over his behavior in this one thread, it will be, in my opinion, your
loss.

--
Keith Thompson (The_Other_Keit h) ks***@mib.org <http://www.ghoti.net/~kst>
San Diego Supercomputer Center <* <http://users.sdsc.edu/~kst>
We must do something. This is something. Therefore, we must do this.
Oct 17 '06 #96
jacob navia wrote:
>>Are you sure that's strictly conforming?

From n1124 6.9.1p6:

"If the declarator includes an identifier list, each declaration in the
declaration list shall have at least one declarator, those declarators
shall declare only identifiers from the identifier list, and every
identifier in the identifier list shall be declared."

"e[sizeof (enum e { e1 = 3 })]" is a declarator, and declares two
identifiers not in the identifier list, does it not?


Hehe, you're right, which makes several other compilers not conforming
in this respect 8-) I suspect the paragraph in question was not
intended to apply to those identifiers, but I could be wrong.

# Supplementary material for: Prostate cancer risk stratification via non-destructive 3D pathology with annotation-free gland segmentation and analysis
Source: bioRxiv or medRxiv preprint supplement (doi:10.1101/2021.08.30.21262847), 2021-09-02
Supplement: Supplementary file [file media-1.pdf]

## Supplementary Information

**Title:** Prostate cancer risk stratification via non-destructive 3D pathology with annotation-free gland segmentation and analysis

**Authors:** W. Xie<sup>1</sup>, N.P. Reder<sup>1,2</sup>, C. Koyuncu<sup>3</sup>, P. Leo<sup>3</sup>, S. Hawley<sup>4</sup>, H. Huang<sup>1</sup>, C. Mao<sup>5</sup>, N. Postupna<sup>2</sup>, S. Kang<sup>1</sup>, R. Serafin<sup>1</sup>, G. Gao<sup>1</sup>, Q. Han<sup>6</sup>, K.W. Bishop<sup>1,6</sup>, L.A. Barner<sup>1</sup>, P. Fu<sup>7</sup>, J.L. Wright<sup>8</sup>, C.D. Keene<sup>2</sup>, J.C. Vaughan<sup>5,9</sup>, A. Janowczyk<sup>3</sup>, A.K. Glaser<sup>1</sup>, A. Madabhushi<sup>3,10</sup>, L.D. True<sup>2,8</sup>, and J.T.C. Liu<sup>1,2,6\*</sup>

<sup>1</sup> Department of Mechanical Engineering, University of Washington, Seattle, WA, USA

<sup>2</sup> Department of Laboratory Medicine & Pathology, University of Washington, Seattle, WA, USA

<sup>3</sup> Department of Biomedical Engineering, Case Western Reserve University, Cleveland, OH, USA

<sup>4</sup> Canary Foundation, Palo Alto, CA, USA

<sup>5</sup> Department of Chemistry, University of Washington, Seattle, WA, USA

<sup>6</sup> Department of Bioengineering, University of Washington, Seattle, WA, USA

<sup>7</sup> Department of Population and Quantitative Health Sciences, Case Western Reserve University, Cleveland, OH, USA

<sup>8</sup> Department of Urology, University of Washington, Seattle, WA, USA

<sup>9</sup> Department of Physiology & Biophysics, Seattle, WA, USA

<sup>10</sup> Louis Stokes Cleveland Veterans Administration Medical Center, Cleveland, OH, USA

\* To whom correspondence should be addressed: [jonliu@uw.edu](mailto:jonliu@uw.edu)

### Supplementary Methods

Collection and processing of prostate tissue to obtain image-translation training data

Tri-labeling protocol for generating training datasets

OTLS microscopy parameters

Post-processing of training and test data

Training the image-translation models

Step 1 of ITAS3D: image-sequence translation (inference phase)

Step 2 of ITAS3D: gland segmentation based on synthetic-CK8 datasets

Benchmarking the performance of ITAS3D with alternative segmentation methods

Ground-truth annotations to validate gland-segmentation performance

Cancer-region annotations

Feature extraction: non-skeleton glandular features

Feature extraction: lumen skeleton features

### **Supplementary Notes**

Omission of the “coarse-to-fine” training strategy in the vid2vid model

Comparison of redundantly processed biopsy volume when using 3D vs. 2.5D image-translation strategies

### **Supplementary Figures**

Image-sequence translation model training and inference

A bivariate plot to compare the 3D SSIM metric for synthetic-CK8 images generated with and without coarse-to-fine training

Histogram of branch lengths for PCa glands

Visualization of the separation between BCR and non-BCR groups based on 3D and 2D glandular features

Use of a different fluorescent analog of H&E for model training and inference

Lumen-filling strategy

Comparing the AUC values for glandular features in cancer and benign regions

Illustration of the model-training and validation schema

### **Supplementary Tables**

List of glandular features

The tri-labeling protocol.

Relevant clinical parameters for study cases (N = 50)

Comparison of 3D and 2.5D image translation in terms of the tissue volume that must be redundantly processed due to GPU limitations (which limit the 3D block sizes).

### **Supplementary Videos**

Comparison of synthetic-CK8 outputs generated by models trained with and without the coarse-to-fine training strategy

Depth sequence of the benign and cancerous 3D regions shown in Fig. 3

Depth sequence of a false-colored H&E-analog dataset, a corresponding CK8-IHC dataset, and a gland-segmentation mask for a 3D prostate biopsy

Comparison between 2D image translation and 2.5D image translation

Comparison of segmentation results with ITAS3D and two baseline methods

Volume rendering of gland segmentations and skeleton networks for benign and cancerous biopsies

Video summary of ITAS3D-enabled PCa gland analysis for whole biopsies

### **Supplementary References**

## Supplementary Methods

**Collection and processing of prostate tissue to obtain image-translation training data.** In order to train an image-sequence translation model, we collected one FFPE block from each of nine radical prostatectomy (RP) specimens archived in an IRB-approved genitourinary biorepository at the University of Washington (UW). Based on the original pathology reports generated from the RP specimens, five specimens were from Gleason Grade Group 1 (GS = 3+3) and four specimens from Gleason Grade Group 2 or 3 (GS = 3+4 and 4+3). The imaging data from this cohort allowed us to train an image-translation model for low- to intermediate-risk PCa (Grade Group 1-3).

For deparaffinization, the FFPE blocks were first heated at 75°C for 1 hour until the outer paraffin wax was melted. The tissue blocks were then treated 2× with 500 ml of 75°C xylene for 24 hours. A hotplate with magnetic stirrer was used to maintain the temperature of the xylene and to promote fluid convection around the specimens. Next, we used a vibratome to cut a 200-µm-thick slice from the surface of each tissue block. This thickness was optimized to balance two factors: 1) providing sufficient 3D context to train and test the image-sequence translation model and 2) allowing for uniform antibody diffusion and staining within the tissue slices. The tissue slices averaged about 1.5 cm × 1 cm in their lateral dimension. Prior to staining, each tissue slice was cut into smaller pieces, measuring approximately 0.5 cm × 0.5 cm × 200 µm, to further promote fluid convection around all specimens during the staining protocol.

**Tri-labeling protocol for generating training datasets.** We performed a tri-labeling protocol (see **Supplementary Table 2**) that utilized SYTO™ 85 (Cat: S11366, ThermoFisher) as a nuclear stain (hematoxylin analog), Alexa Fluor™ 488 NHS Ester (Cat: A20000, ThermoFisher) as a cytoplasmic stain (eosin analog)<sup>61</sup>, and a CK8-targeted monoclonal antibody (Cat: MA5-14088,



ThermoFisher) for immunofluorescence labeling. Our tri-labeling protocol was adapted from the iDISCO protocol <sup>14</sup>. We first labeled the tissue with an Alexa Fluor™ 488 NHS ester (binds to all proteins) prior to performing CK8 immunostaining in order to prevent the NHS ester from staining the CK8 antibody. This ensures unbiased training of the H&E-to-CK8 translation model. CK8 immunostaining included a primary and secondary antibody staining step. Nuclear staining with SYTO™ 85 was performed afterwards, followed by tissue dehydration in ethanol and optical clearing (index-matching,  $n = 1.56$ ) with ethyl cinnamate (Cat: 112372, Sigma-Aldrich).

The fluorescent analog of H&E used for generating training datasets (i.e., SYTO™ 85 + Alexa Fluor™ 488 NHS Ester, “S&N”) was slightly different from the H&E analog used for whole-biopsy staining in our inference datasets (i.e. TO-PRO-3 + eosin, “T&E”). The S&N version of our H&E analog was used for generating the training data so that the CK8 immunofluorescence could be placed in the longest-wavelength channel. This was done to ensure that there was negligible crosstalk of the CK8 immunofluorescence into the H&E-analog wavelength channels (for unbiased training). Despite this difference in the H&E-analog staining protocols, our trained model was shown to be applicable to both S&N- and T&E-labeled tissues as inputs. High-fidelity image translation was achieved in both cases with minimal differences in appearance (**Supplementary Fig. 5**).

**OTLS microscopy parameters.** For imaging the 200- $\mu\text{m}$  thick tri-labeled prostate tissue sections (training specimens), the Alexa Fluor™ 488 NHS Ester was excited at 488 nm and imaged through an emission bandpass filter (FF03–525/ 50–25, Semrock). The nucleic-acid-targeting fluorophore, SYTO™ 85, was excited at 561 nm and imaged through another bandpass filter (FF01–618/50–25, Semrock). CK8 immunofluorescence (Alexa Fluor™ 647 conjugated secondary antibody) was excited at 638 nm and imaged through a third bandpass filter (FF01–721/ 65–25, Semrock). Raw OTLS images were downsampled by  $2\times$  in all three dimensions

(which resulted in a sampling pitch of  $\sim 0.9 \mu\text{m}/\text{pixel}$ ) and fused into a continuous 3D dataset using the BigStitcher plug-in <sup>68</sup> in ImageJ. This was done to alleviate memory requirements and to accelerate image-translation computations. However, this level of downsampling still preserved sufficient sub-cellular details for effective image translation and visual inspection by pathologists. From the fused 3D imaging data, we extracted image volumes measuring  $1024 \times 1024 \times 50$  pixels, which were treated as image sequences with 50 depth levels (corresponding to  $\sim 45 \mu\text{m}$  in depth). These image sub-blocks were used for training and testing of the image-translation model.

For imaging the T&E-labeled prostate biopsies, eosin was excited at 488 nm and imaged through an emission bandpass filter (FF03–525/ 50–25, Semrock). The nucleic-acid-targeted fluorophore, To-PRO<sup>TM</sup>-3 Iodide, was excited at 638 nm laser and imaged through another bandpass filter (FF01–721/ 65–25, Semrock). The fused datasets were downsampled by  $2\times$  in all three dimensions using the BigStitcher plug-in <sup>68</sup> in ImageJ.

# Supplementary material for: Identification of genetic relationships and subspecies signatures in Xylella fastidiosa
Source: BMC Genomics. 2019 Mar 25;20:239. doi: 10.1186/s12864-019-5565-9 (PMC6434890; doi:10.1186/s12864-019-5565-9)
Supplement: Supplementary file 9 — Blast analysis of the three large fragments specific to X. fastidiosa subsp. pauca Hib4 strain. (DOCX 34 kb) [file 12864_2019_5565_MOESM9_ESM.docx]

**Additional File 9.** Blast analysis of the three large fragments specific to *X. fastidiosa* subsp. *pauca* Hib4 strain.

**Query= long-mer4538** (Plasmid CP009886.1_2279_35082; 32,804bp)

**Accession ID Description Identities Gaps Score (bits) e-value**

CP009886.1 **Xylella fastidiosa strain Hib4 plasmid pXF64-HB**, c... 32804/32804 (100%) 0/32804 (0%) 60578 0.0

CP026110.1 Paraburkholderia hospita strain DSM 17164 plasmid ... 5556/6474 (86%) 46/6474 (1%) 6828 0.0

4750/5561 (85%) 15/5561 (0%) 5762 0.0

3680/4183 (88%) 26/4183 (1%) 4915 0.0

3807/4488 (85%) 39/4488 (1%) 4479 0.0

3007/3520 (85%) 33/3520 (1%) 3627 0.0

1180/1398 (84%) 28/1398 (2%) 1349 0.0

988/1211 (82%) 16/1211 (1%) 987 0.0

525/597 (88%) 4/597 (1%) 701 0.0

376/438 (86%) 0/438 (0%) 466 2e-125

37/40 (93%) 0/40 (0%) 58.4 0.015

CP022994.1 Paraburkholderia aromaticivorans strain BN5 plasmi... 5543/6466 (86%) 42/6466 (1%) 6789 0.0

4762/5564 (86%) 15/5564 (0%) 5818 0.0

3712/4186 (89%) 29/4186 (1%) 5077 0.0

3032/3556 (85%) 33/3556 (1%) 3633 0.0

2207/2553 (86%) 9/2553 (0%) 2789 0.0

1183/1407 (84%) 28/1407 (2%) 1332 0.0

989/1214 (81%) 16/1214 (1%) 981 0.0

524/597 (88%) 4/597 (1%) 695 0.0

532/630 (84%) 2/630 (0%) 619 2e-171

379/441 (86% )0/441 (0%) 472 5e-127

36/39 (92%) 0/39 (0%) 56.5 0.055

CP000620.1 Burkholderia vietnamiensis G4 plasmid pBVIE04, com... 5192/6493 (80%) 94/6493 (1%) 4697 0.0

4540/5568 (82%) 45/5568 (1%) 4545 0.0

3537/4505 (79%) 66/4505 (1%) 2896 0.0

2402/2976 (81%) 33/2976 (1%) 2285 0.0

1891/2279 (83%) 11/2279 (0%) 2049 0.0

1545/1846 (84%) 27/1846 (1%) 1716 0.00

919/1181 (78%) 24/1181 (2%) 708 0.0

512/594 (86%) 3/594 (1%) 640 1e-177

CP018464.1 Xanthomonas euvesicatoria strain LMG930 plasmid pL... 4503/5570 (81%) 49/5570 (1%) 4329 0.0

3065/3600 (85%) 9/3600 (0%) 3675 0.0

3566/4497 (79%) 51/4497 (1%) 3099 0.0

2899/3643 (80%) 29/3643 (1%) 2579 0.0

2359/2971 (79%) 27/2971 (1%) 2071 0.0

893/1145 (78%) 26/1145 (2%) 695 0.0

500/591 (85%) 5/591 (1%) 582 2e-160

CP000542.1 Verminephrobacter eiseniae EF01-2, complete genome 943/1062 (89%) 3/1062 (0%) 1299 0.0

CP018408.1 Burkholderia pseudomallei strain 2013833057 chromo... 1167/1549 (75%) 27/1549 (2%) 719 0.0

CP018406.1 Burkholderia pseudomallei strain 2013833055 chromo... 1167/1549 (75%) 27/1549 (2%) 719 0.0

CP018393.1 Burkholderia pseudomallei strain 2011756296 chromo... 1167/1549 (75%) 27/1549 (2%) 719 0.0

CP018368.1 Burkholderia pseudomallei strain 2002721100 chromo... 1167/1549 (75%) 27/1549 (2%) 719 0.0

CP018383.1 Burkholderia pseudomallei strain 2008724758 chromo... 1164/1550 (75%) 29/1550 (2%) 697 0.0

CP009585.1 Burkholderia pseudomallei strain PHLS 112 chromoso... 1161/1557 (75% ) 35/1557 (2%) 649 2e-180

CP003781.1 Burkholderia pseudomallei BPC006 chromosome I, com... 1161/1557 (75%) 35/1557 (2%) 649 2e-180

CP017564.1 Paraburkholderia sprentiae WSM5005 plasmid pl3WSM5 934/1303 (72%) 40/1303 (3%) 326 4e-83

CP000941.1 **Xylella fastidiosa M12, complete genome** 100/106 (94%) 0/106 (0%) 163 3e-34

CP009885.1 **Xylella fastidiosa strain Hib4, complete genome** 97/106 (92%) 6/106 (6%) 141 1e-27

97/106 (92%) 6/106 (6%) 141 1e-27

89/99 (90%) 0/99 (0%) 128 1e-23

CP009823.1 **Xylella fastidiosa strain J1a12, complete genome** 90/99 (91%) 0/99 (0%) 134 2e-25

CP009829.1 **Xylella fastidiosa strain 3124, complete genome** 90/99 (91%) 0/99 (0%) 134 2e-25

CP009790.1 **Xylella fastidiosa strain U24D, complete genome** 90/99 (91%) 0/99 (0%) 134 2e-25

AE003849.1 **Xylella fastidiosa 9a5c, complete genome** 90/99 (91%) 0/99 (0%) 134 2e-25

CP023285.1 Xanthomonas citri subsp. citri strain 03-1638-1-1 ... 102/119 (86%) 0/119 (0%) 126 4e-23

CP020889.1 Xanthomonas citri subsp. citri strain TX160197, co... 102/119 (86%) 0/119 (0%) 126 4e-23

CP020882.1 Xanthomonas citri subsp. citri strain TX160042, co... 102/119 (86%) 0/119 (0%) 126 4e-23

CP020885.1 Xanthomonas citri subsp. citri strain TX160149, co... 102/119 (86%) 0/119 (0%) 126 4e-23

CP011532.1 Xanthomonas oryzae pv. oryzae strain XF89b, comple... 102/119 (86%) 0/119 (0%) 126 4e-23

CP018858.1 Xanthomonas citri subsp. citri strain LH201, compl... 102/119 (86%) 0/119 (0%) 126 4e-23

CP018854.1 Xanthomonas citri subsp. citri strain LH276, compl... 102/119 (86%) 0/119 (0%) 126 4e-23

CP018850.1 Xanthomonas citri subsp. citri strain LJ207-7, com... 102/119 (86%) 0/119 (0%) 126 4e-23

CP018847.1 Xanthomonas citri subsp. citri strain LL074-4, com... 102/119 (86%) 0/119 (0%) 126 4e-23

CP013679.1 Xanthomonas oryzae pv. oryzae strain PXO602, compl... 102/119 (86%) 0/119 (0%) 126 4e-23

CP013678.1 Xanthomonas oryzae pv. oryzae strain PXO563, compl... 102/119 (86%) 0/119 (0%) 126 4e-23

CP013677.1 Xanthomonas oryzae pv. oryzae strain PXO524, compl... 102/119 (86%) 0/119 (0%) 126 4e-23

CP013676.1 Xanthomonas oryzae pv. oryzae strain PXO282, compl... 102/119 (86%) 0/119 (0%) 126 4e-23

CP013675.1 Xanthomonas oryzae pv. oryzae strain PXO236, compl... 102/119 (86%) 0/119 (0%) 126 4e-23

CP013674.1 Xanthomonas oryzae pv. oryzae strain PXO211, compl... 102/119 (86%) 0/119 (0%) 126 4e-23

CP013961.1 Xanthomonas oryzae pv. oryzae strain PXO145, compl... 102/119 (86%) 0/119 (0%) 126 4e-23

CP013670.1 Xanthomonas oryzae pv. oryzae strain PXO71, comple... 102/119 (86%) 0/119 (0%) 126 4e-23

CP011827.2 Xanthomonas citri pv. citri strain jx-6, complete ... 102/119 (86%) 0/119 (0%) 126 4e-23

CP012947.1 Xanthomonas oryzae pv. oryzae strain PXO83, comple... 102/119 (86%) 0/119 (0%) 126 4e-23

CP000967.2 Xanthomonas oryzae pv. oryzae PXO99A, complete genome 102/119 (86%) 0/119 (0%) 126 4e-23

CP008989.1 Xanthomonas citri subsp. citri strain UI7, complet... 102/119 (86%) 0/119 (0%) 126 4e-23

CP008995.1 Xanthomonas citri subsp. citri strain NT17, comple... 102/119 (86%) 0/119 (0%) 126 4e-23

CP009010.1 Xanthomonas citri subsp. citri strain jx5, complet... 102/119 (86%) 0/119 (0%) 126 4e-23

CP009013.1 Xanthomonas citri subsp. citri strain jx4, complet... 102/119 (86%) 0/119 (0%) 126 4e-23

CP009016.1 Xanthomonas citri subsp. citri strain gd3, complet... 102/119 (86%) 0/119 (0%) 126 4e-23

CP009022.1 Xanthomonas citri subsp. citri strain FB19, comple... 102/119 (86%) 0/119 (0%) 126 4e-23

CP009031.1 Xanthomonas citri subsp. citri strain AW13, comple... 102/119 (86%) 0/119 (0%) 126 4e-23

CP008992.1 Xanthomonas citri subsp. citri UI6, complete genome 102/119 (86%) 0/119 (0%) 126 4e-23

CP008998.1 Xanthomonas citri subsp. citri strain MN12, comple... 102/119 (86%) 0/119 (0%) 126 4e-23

To my chagrin, I should probably fix my testsuite.

Error tb.c: 2 declared parameter 'e1' is missing

Phew !!!!

:-)
Rereading, I'm inclined back to my original reading. "those
declarators" I pretty clearly doesn't cover e1 here - e1
is not declared in the "declaratio n-list", it's declared in an
expression embedded in such a declaration.

e1 definitely isn't a declared as a parameter.
Oct 17 '06 #97
Keith Thompson wrote:
But that's not what I asked about. I asked if there are any *major
areas* in which gcc fails to conform to C90.
I answered - the whole area of constant expressions. It's probably
the hardest part of the standard to get right and definitely the
weakest area of most compilers. I think only EDG gets it right.
Oct 17 '06 #98
On Tue, 17 Oct 2006 21:09:45 GMT, in comp.lang.c , Keith Thompson